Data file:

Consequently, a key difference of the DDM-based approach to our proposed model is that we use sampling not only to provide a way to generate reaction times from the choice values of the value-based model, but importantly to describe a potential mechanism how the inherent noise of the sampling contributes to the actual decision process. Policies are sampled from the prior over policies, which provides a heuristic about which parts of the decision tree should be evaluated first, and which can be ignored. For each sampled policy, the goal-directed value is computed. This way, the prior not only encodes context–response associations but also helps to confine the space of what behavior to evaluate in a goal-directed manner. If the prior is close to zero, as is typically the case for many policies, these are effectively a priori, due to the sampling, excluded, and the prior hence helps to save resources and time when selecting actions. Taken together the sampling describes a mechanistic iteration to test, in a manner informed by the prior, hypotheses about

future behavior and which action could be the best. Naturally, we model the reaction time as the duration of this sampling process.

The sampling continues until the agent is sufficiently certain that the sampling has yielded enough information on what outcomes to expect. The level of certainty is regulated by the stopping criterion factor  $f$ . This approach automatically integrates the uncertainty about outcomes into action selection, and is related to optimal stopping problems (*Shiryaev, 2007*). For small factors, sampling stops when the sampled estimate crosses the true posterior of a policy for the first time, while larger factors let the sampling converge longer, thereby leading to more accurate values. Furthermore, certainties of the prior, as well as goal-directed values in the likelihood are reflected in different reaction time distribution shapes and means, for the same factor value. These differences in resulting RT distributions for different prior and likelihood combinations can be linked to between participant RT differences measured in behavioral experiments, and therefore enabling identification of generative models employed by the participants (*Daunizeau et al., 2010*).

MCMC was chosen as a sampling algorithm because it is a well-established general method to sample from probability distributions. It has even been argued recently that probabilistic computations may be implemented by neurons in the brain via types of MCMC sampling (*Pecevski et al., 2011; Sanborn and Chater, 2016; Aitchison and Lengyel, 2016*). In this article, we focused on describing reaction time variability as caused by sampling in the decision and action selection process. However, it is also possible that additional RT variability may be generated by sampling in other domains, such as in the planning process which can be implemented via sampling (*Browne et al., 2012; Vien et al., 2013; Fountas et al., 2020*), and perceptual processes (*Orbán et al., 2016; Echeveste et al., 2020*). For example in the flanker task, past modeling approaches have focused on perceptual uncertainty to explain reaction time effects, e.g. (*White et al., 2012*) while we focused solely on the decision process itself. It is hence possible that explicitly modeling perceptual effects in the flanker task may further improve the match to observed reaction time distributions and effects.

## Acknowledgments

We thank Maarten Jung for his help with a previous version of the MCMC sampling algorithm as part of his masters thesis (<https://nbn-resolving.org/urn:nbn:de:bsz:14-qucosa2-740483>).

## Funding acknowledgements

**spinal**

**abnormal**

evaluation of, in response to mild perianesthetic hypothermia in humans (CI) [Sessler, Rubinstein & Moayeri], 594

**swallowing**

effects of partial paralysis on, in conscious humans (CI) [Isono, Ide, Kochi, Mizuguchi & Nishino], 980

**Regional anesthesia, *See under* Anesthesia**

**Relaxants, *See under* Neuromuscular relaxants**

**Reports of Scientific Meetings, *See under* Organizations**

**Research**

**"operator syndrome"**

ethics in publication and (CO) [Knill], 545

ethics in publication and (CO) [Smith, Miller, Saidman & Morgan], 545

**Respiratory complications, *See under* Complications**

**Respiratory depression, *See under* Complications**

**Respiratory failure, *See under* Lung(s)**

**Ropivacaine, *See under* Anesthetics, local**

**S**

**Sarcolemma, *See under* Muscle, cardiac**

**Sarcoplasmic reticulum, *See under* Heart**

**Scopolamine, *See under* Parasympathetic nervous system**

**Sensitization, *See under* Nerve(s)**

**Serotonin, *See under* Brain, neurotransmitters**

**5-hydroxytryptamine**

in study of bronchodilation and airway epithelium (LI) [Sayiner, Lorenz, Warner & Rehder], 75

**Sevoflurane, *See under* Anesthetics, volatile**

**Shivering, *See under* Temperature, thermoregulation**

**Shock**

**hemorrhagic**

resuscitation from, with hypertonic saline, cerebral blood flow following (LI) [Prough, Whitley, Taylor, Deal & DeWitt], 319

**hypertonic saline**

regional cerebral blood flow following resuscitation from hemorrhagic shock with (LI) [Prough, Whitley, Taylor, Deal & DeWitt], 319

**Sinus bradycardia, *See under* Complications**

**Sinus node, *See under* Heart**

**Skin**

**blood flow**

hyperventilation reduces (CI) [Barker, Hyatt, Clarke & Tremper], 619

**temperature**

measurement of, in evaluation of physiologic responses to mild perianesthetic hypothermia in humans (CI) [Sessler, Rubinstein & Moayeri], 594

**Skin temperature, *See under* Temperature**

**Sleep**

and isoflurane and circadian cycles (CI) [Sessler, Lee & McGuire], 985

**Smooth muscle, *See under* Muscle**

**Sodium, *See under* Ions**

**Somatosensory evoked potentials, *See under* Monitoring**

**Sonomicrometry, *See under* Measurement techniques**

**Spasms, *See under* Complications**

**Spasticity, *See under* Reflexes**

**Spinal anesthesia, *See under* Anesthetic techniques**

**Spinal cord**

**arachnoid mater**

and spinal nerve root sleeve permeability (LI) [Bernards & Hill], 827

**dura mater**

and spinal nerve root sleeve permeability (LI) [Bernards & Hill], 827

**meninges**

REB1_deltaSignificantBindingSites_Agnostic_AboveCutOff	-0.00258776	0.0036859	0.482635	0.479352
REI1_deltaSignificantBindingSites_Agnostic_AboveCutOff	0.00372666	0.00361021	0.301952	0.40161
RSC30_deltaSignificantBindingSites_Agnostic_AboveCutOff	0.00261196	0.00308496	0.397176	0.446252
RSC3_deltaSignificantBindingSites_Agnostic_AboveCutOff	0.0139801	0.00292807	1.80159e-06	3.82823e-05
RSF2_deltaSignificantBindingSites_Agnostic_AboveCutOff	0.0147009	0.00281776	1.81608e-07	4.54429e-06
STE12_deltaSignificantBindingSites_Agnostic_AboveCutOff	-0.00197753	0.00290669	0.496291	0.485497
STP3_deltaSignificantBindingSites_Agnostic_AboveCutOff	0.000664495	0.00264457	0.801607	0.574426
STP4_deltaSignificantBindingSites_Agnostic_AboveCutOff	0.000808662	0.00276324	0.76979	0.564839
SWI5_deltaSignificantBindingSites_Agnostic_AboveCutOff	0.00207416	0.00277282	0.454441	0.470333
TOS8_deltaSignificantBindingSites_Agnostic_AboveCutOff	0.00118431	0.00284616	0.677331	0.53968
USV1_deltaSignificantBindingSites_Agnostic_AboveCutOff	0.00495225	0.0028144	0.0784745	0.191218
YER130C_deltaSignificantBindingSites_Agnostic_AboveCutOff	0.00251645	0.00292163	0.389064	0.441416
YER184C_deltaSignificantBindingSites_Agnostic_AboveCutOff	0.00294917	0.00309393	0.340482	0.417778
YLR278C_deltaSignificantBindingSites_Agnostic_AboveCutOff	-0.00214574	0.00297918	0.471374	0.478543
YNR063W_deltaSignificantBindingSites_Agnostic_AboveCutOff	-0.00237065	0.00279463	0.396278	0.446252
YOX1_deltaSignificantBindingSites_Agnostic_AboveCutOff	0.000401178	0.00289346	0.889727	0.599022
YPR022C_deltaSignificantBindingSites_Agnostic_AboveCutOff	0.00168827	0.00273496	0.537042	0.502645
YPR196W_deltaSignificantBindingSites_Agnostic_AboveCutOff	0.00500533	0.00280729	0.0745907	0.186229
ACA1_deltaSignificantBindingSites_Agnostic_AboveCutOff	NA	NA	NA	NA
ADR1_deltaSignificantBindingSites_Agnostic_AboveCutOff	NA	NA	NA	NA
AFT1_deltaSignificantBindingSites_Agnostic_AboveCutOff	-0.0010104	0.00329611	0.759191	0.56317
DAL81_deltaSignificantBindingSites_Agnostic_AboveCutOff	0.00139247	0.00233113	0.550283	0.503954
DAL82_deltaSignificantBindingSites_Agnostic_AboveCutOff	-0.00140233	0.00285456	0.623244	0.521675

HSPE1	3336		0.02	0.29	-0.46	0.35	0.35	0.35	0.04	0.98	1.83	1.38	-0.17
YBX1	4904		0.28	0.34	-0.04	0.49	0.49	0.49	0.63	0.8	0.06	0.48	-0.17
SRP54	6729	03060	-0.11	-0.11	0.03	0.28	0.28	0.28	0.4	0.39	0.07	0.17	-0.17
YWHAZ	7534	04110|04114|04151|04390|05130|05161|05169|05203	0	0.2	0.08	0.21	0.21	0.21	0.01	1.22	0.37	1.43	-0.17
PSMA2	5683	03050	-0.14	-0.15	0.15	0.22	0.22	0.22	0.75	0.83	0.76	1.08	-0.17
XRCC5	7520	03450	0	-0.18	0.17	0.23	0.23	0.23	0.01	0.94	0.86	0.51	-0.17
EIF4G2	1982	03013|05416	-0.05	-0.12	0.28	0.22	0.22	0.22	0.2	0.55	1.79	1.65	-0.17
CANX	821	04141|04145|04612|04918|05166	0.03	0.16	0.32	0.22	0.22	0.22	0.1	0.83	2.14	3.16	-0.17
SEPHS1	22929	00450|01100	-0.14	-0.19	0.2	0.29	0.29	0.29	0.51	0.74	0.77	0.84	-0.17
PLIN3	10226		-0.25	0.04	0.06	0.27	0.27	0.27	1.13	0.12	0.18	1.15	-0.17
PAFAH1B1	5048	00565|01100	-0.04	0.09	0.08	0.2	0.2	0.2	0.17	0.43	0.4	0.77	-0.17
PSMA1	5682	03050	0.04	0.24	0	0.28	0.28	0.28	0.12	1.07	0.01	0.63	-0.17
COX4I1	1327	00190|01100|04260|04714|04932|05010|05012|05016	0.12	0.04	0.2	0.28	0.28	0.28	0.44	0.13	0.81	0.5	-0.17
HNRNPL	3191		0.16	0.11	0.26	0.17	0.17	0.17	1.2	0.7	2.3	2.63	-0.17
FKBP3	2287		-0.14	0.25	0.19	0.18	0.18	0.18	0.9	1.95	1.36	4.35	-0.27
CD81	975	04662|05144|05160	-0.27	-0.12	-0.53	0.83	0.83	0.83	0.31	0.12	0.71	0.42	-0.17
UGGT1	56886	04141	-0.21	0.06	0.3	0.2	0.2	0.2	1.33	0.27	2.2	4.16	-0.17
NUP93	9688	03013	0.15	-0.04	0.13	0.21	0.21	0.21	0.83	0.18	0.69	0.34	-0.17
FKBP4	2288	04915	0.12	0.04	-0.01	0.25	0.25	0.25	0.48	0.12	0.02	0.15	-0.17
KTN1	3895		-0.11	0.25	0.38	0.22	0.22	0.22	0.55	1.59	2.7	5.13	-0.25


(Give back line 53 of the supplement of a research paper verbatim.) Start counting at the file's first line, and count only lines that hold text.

**Spasms, *See under* Complications**